“It looks like your typical teenager; it’s a lit bit lanky and it’s still got long fur, but overall it looks very similar to a lot of others we see,” he said.
“She’s learned to live off the landscape and finding natural foods, so it’s good to see.”
Bear 1803 has now survived through hibernation for two winters on her own, and Parks Canada’s wildlife team believes the future looks good for her.
“This particular bear has stuck pretty close to where we released it and it’s survived to this point in time,” said Fyten.
“It’s a young adult and the chances of it surviving beyond this are pretty good.”
On top of that, a bumper buffaloberry crop throughout Banff National Park this year is another positive break for this young bear as she prepares to head into the den this fall.
“This year we have a phenomenal crop of buffaloberries. The bushes are so thick that all the bears we’re seeing are in this hyperphagia stage where they’re just chowing down on these berries and totally focused,” said Fyten.
“Likewise, there is probably a pretty good berry crop up in the area where this black bear is, and this bear has probably learned these berries are good to eat and is taking advantage of it this year.”
Black bears often use the same den year after year, but sometimes they dig new ones or find another location.
Data from this bear’s GPS collar, which was programmed to fall off after her second summer in the wild, indicated she denned about two-thirds of the way up a slope, but still below treeline.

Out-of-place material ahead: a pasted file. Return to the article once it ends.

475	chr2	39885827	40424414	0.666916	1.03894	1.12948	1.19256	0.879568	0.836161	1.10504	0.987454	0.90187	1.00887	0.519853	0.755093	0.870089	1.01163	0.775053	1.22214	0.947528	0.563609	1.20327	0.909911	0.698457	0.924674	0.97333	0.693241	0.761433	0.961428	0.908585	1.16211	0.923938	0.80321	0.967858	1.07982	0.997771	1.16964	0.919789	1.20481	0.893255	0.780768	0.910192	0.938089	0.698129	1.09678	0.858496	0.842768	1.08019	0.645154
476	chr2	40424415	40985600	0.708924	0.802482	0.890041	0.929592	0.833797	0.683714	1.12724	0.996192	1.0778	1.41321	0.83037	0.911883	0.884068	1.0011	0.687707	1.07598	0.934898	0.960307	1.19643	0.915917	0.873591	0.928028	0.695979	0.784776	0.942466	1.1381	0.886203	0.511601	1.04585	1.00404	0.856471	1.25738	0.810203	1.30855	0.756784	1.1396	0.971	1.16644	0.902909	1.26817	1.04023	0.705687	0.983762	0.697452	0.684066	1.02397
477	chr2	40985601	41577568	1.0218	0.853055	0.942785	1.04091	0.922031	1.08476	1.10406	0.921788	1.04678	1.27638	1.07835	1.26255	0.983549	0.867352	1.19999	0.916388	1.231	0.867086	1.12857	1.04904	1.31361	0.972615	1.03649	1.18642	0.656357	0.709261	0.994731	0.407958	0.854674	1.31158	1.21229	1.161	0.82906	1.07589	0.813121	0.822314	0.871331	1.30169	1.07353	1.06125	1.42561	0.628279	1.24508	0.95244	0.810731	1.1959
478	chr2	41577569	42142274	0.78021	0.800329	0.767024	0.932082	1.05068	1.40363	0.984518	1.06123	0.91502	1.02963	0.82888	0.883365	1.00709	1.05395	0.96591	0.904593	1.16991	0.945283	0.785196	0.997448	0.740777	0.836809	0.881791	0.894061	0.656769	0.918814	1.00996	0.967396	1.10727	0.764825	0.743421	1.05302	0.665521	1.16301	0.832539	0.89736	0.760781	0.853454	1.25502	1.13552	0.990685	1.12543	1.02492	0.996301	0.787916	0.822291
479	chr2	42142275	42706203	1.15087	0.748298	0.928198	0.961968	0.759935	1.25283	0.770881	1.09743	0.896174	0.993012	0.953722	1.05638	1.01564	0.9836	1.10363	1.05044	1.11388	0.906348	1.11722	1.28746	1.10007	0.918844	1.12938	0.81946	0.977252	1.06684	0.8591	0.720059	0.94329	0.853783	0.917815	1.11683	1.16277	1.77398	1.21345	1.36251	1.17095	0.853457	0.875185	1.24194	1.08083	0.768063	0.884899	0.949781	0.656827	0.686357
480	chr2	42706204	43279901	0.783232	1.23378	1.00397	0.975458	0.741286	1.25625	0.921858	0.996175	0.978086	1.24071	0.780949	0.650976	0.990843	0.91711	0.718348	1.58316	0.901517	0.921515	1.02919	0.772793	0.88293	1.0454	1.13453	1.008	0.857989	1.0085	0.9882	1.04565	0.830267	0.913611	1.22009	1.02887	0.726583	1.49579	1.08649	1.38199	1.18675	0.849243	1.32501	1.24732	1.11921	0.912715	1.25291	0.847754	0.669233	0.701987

“We don’t have that collar data anymore to see if she’s going back to the same spot, but potentially she could be using the same den,” said Fyten.
“She’ll probably go into the den a little earlier than some of the big males. She’s getting to the stage of her life where potentially she could be a mother next year or the following year.”
Parks Canada is pleased with what they call a successful rehabilitation program.
This was the first time the federal agency has been involved in something like this, and based on the results with at least one of the orphaned bears, would consider rehabilitation again.
“Hopefully we don’t find ourselves in this situation again, but we’ve definitely learned a lot from this and we’d probably pursue this again down the road,” said Fyten.
“In the end, we have another black bear on the landscape and we look at that as a success.”
More importantly, with the knowledge garnered, Parks Canada might consider rehabilitation of threatened grizzly bears if ever needed.
“Using the black bear through this situation was a learning experience for us and we now know more about the process,” he said.
“If we get a grizzly bear, which is a species at risk and threatened, we might go down that same route.”
Meanwhile, whoever was responsible for dumping the three bear cubs in the washroom three years ago was never found.
“We never did find who did it, or where the bears came from,” said Fyten.
A spokesperson for the Aspen Valley Wildlife Sanctuary was unavailable for comment at the time of publication.